The home office of Wal-Mart Stores in Bentonville was buzzing Wednesday (June 28) with more than 550 hopeful suppliers eager to pitch their products to buyers for a chance to get on the retailer’s shelves.
Jason DeYoung, executive with Ann Arbor, Mich.-based Dera Industries, was among the hopeful. His product the Dera Tie, a reusable, plastic tie or ligature, was among those featured at the event. In recent weeks Wal-Mart asked its employees to vote on one product and Dera Tie was the winner. Steve Bratspies, chief merchandising officer, told DeYoung his product was voted in by company employees but he still had to go to his buyer meeting to work out the details. The product is said to have “a bazillion uses.”
Wednesday’s event combined the retailer’s fourth Open Call with its U.S. Manufacturing Summit.
Wal-Mart Stores CEO Doug McMillon told the group he just “wanted to buy items all day and walk up and down the halls saying “yes.” He also said Wal-Mart continues to work to “make every day easier for our customers. We want every single stakeholder in the supply chain to do well and prosper which we refer to as shared value.”
He touted several suppliers working with Wal-Mart to create more U.S. manufacturing jobs. Lifetime Products makes folding tables, chairs and kayaks for Wal-Mart and recently added 500 new jobs in Utah and broke ground on a new facility in Knox County, Tenn., that will bring 500 jobs to that community. The 720,000 square-foot facility in Tennessee is a $115 million investment for Lifetime.
Lifetime is not a new supplier to Wal-Mart. Cindi Marsiglio, vice president of U.S. sourcing and manufacturing, has told Talk Business & Politics that using existing suppliers and helping them grow is less cumbersome than relocating production from offshore.
McMillon also spotlighted a small company that two years ago was new to Wal-Mart. Sarah Duran and Brad Pearsall were sitting in the Open Call audience in 2014 ready to pitch their Broo shampoo. He said six of their products are in 900 store today. The shampoo is made from craft beer, causing McMillon to joke that there are other ways to infuse the benefits of the ingredients rather than drinking them.
Arkansas Gov. Asa Hutchinson was also a featured speaker who said his agenda including pitching Arkansas to various companies looking to expand or move their manufacturing.
“I am so proud of Wal-Mart and Doug and the competition they are engaged in and competing in e-commerce on the global stage and the difference they are making in partnerships and leadership in furthering U.S. manufacturing,” Hutchinson said.
He said Wal-Mart’s leadership in supporting U.S. manufacturing is making a positive difference. He is also proud that Arkansas is leading the nation in foreign direct investment, up over 40%, which indicates that companies recognize Arkansas as a good place to do business.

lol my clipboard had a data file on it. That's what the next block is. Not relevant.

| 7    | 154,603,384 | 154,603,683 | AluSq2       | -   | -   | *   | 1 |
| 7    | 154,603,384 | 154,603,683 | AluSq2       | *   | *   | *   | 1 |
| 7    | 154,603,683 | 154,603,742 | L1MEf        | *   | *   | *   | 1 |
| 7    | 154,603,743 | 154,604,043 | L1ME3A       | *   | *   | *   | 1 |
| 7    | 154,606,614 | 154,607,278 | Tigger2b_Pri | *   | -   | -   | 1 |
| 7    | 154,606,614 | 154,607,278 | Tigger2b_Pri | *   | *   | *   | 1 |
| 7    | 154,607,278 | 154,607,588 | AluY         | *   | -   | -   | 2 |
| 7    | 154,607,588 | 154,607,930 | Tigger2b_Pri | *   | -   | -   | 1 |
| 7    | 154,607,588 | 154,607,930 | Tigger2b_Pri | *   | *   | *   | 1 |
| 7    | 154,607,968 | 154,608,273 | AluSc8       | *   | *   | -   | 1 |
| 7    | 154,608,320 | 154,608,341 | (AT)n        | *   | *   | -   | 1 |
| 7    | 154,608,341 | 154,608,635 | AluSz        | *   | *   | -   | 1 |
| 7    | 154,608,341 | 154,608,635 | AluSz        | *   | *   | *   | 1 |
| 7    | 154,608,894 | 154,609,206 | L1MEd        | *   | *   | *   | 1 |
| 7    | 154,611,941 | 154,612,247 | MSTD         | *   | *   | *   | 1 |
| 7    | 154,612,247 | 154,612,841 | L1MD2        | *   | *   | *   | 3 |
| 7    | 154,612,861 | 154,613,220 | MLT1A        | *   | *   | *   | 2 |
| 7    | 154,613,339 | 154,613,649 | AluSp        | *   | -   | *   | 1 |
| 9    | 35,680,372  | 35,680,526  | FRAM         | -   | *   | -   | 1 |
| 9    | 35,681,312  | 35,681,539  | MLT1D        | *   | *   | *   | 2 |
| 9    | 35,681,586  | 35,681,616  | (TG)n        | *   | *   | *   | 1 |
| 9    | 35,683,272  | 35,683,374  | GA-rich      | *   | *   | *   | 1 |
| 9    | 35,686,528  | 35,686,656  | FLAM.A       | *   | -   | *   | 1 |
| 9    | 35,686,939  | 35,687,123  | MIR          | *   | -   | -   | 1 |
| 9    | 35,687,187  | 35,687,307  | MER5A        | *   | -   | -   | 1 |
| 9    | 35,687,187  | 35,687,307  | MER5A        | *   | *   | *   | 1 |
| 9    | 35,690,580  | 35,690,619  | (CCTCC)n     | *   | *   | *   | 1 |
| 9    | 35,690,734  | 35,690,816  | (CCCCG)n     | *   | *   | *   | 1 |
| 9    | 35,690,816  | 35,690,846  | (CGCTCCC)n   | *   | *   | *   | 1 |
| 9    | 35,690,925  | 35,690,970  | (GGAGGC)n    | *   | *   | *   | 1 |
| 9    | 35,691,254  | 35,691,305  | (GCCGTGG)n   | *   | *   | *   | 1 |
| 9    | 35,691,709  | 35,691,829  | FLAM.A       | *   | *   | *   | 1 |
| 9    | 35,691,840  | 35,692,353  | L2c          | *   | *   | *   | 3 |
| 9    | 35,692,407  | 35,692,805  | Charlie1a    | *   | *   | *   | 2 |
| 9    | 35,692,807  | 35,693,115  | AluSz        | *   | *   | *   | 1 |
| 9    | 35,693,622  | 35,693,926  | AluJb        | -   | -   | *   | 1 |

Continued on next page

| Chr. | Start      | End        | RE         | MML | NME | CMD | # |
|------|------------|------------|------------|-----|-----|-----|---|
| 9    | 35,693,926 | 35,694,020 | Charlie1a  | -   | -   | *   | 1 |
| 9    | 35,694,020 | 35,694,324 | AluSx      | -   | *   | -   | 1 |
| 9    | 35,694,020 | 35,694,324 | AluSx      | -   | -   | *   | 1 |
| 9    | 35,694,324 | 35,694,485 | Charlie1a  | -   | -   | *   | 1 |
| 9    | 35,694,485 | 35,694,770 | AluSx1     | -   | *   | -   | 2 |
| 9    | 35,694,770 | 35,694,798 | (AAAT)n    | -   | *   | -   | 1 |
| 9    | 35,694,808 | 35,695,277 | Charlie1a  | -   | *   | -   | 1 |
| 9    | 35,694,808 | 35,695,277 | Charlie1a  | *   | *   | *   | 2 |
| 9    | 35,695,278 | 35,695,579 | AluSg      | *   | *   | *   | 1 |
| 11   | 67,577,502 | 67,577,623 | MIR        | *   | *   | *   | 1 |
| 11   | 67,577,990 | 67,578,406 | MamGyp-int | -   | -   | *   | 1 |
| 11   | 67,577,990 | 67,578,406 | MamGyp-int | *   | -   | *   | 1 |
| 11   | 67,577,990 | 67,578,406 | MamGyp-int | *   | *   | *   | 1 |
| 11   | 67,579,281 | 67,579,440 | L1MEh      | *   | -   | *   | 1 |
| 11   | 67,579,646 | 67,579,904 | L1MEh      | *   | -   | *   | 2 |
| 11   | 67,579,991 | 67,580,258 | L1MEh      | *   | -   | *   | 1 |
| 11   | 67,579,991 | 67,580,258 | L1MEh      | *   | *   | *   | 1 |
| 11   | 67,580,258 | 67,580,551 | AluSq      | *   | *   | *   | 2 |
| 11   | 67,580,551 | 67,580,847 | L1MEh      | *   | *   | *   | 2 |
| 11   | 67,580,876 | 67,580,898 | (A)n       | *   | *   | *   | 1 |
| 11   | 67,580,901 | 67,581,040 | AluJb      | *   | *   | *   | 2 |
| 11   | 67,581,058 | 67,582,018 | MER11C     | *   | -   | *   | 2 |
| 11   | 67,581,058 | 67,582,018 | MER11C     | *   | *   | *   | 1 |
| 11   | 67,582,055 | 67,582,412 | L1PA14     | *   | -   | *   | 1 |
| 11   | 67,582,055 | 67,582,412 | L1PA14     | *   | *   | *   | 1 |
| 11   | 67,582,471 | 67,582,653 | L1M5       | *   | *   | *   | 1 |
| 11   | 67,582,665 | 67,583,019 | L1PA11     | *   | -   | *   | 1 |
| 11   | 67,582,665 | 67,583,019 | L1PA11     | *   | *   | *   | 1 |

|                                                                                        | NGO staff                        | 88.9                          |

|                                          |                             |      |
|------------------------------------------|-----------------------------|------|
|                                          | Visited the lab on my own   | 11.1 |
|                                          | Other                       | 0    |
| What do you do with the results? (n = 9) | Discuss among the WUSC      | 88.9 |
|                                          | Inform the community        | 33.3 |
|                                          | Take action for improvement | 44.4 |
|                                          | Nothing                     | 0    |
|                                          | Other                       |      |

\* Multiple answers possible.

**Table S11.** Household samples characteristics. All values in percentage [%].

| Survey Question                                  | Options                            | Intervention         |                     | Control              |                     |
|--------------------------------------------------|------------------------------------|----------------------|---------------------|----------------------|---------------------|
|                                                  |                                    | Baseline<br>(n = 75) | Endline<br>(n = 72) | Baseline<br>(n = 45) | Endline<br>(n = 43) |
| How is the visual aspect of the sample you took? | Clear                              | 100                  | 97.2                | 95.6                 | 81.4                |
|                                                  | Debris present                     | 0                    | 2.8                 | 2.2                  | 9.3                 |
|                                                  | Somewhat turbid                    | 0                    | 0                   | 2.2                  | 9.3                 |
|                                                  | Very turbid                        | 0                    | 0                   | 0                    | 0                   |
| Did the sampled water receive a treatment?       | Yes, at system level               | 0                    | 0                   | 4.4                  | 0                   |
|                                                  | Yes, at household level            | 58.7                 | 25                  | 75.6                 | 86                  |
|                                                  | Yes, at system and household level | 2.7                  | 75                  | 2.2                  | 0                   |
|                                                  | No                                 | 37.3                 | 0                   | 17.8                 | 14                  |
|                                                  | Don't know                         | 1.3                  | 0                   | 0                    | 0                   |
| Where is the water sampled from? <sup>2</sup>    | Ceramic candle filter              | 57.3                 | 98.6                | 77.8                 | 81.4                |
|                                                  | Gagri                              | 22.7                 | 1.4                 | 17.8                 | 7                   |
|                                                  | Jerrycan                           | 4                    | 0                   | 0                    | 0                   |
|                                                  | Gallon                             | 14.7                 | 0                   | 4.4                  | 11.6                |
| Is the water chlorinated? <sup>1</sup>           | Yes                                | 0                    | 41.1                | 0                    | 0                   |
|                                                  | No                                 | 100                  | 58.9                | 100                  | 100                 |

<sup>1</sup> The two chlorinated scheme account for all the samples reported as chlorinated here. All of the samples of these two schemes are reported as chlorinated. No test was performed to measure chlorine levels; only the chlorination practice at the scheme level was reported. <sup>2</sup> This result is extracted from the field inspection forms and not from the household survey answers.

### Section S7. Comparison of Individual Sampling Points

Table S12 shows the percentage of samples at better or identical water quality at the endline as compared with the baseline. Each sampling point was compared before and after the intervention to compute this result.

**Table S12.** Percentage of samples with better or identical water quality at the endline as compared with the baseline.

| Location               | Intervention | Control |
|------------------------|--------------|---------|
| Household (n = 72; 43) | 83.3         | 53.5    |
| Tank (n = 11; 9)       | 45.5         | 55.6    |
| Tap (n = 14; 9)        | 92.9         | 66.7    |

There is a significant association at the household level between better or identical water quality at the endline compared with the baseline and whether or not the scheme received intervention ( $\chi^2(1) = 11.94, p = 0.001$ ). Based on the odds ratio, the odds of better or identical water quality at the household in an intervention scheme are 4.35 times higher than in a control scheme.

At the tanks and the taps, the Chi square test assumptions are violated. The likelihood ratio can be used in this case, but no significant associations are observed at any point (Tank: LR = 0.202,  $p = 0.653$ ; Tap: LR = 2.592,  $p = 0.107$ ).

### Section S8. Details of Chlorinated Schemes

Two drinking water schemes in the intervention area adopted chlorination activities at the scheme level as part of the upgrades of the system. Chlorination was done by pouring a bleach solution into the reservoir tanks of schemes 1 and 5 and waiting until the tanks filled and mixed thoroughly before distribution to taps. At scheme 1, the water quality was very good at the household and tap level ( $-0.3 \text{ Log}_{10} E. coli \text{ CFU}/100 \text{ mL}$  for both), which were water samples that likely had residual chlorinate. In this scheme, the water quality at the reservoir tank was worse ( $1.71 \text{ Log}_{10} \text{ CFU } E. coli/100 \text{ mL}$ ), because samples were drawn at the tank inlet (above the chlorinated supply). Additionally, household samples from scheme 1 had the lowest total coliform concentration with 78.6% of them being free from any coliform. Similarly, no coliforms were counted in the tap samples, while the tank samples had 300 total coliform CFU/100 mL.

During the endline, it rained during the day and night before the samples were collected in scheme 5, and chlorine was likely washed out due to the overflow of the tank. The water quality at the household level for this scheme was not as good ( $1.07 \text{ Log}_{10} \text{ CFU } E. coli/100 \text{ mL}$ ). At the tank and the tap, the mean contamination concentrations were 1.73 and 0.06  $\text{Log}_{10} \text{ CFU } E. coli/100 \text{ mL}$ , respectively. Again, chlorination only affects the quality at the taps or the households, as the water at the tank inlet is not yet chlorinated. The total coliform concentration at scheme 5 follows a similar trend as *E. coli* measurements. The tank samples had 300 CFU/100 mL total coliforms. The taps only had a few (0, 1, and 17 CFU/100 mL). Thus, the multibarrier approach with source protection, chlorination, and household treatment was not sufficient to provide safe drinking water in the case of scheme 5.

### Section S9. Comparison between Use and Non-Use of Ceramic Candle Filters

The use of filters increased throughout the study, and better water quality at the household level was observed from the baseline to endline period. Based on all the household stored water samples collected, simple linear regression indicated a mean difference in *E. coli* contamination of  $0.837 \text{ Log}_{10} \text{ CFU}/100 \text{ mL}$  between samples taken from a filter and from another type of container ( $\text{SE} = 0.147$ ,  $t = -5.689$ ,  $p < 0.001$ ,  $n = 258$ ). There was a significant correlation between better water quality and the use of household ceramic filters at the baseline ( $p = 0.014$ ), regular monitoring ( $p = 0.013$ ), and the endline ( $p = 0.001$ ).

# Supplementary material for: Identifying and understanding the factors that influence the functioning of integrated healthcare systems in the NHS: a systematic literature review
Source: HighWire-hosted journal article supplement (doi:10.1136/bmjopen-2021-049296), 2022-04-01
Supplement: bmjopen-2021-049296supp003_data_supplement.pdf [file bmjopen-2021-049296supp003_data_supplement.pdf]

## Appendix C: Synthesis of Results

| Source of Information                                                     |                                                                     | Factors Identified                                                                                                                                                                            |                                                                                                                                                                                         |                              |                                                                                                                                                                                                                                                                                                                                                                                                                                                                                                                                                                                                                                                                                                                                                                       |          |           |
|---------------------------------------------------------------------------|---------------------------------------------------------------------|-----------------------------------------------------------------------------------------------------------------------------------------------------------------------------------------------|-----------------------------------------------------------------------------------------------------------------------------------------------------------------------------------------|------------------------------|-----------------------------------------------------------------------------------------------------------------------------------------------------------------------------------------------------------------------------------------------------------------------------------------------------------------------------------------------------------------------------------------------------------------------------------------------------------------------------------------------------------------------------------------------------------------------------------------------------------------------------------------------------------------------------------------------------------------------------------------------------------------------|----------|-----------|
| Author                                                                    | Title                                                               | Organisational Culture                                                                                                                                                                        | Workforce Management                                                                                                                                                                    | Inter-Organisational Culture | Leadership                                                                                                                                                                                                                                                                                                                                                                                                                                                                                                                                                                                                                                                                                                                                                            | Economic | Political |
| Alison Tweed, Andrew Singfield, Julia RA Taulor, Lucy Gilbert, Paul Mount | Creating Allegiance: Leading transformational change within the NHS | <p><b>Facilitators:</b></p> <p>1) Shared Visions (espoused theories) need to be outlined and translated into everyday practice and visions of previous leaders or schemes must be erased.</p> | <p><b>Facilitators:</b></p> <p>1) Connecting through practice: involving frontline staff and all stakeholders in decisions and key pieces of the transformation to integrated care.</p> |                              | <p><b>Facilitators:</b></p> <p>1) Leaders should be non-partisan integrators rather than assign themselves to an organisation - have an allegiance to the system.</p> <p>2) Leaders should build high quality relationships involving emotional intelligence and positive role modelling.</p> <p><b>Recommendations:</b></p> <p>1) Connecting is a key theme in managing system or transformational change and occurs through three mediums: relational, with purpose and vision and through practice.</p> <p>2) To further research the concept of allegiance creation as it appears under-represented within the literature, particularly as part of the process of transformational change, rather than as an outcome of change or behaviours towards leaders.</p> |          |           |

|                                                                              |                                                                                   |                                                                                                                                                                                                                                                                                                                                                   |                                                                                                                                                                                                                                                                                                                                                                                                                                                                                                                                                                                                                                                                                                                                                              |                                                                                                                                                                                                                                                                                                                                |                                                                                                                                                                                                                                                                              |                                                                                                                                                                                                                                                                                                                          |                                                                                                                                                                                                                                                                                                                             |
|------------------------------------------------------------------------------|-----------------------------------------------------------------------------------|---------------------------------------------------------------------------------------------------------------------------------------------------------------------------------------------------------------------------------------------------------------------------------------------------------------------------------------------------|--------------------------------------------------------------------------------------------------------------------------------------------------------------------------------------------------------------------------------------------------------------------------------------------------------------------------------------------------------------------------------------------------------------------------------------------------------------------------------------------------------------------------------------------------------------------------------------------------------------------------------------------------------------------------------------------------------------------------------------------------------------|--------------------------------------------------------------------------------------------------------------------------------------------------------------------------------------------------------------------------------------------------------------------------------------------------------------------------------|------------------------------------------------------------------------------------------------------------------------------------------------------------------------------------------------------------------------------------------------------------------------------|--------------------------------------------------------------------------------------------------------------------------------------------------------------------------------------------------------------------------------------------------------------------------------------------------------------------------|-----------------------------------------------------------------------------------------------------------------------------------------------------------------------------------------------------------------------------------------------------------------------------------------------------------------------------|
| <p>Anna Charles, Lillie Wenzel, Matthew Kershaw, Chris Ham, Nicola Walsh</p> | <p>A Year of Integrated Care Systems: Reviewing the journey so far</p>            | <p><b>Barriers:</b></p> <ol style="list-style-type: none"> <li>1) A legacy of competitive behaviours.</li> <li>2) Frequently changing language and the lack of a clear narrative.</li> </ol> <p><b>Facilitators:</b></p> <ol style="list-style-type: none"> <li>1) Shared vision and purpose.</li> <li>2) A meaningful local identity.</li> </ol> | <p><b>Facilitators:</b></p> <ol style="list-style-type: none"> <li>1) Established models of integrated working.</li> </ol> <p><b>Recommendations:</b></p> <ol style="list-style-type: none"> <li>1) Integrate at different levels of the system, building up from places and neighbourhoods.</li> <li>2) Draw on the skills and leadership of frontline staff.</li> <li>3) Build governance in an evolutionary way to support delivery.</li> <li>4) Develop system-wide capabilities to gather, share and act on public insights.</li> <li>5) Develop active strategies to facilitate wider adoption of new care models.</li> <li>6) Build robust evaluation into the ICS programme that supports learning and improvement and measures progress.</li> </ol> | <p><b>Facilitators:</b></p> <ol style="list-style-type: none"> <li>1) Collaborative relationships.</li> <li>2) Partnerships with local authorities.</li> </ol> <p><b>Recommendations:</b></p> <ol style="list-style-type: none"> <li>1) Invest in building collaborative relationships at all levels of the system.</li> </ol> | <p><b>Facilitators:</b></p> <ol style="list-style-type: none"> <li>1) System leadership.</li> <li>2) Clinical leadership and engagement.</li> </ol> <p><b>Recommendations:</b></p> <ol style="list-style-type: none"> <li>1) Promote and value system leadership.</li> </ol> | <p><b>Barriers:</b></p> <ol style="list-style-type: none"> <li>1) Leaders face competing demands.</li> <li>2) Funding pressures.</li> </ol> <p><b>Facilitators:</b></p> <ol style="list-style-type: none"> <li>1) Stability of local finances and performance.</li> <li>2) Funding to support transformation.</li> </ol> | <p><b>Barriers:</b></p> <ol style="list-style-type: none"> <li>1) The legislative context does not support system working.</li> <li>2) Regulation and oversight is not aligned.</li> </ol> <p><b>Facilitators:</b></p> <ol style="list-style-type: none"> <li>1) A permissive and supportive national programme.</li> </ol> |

Bratspies highlighted Dorel Juvenile, one of his favorite child car seat suppliers, that has a facility in Columbus, Ind. He said the company spent $21 million to expand production and now makes 550,000 car seats annually for Wal-Mart. This investment created 700 new jobs, which are being relocated from abroad.
Dan Bartlett, executive vice president of corporate relations, spoke about the overall impact of the Wal-Mart’s 10-year, $250 billion investment in buying U.S made products. He said roughly 1 million jobs will be supported from this endeavor, with 250,000 of those being direct jobs and 750,000 indirect or service-related jobs that support the manufacturing.
John Bassett, chairman of Bassett Furniture in North Carolina, also spoke about the possibilities for U.S. Manufacturing.
“If you don’t think you are going to win, you are, ladies and gentlemen going to lose,” Bassett said. “In 2003 we told our people we are going to stay in the U.S. (amid furniture companies moving offshore). We had our doubters, but I didn’t grow up quitting on America.”
He said leadership can change attitudes and the when the going got rough, ownership took less and invested more to keep the plant running. He said it wasn’t long before workers believed they could make it last in America. Bassett said it took 6 to 8 weeks to get furniture made overseas. He reduced the time from order to delivery to 7 days and changed the way dealers ordered, paid and reduced their inventory overhead. He said while competitors were floating the ocean, he was making and delivering furniture in 7 days.
The most important thing for any company facing challenges to do is “not panic,” he said
“Things are going to change – even for Walmart – don’t panic. Think your way through it because everyone in your organization is watching you,” Basset told the retail leadership.